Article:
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Hans Huber

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Wikipedia
Hans Huber (28 June 1852 – 25 December 1921) was a Swiss composer. Between 1894 and 1918, he composed five operas. He also wrote a set of 24 Preludes and Fugues, Op. 100, for piano four-hands in all major and minor keys.
He was born in Eppenberg-Wöschnau (Canton of Solothurn). The son of an amateur musician, Huber became a chorister and showed an early talent for the piano. In 1870 he entered Leipzig Conservatory, where his teachers included Oscar Paul. In 1877 he returned to Basel to teach, but did not obtain a post in the Conservatory there until 1889; seven years later he became director. Among his notable students were Hans Münch and Hermann Suter.
In 1889 Huber wrote an A major symphony, which was conducted in December 1889 by Friedrich Hegar, and whose full score survives. He wrote in all nine symphonies, eight acknowledged, and several concertos, two for violin, four for piano, two of them effectively lost. During his last years he lived in Minusio in Villa Ginia. He died at Locarno.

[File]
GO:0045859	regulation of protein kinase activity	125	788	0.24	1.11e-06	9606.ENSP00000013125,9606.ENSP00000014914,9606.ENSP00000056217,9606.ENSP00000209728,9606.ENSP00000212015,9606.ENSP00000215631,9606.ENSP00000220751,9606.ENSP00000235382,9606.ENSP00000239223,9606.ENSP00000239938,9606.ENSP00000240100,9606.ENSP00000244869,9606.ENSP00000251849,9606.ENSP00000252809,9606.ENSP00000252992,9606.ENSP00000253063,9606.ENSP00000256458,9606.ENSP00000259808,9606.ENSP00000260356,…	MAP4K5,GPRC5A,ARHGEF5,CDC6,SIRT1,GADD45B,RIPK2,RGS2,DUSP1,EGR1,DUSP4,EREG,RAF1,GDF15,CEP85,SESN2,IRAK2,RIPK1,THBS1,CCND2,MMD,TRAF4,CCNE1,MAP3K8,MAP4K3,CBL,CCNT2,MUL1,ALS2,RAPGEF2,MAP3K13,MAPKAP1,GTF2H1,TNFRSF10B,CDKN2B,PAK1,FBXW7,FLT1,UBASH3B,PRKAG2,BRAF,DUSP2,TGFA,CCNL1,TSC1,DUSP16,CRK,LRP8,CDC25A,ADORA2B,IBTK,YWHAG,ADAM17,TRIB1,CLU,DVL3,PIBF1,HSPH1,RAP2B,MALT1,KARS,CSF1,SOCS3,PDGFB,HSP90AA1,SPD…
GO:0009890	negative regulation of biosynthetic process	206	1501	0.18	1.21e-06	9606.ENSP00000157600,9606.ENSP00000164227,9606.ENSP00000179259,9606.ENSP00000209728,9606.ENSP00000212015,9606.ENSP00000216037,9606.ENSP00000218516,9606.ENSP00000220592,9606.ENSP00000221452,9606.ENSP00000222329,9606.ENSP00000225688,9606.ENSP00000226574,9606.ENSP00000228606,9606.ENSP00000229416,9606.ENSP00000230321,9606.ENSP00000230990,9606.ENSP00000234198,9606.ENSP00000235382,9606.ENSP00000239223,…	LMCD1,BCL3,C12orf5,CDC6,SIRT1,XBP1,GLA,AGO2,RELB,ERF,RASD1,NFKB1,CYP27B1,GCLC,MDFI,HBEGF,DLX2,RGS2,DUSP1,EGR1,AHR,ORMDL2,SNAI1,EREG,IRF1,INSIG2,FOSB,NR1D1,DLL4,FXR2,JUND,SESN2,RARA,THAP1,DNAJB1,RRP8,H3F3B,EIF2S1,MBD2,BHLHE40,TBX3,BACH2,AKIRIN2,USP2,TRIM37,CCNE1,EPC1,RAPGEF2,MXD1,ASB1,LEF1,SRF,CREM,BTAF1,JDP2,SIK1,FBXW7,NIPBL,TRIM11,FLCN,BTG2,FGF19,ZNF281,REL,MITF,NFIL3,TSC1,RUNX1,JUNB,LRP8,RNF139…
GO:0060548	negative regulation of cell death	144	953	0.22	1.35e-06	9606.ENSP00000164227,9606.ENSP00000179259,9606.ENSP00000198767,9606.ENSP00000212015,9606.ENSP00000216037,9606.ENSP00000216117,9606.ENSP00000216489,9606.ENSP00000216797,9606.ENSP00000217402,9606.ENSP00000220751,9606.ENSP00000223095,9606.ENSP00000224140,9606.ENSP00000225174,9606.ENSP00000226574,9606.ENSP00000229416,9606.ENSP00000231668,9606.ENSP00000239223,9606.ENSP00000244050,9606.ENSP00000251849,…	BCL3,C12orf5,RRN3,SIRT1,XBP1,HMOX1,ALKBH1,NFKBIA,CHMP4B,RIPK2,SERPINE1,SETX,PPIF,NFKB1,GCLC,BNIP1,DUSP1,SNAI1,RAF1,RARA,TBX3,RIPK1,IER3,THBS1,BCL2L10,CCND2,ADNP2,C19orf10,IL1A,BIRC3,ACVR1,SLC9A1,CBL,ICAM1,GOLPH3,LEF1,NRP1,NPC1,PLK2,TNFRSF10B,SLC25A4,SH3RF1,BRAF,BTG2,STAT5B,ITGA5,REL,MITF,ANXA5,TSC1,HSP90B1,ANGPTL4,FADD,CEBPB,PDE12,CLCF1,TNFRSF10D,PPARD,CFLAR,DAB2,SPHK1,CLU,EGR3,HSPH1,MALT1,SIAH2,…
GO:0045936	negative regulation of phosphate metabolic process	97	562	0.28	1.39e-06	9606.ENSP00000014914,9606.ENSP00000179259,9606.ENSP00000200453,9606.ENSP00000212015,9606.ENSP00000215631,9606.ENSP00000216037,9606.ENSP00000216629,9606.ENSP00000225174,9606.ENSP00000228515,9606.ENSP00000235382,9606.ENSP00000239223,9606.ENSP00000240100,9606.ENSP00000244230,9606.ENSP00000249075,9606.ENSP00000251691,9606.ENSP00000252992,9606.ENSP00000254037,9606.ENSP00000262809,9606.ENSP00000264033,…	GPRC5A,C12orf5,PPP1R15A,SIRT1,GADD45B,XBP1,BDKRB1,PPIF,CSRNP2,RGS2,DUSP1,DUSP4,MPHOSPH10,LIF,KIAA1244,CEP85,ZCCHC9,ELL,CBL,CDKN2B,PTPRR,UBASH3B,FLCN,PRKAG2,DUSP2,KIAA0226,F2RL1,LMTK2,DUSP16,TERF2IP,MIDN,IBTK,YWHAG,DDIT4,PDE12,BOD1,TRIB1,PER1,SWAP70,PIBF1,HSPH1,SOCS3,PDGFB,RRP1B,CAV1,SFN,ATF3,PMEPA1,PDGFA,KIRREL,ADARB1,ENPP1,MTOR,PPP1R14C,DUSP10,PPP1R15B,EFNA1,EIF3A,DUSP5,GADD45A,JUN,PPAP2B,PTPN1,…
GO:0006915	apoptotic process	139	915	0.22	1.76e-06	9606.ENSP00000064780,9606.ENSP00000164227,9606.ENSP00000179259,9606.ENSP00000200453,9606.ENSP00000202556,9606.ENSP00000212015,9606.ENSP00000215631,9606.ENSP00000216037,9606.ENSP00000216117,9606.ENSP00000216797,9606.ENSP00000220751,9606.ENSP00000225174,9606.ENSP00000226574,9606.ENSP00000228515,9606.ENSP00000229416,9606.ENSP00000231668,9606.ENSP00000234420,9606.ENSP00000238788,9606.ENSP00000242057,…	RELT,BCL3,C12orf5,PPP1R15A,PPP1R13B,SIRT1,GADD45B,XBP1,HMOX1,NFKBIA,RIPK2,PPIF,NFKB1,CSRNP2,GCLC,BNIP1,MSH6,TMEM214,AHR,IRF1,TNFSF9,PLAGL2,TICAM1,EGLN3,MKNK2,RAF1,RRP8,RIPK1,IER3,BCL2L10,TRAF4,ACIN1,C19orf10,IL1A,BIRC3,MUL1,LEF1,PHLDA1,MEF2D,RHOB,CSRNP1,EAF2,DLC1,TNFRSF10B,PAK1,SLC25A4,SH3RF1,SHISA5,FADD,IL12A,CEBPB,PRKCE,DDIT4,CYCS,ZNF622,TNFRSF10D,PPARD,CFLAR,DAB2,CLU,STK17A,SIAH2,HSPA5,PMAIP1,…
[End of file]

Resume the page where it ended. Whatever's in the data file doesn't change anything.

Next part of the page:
Huber's first symphony, in D minor, subtitled "Tellsinfonie" has a slight programmatic element, derived from the story of the Swiss national hero William Tell. The symphony is somewhat similar in style and formal restraint to Brahms, although there is perhaps a foreshadowing of Sibelius in some of the orchestral textures.
Huber's piano concertos are slightly unusual for the form in that they have, like Brahms' second piano concerto in B-flat major, four movements (scherzos are included in addition to the usual fast, slow, and fast tempo movements).
The Swedish label Sterling has released all of Huber's symphonies (except for the 1889 A major symphony noted above), some tone poems, and two of the piano concertos (nos. 1 & 3). There have also been several recent recordings from Huber's substantial output of chamber works, including at least one of his cello sonatas and three CDs (as of 2012) with violin sonatas of his; one of the early recordings of Huber's music was an LP of his first piano quartet "Waldlieder", with Hans-Heinz Schneeberger playing the violin.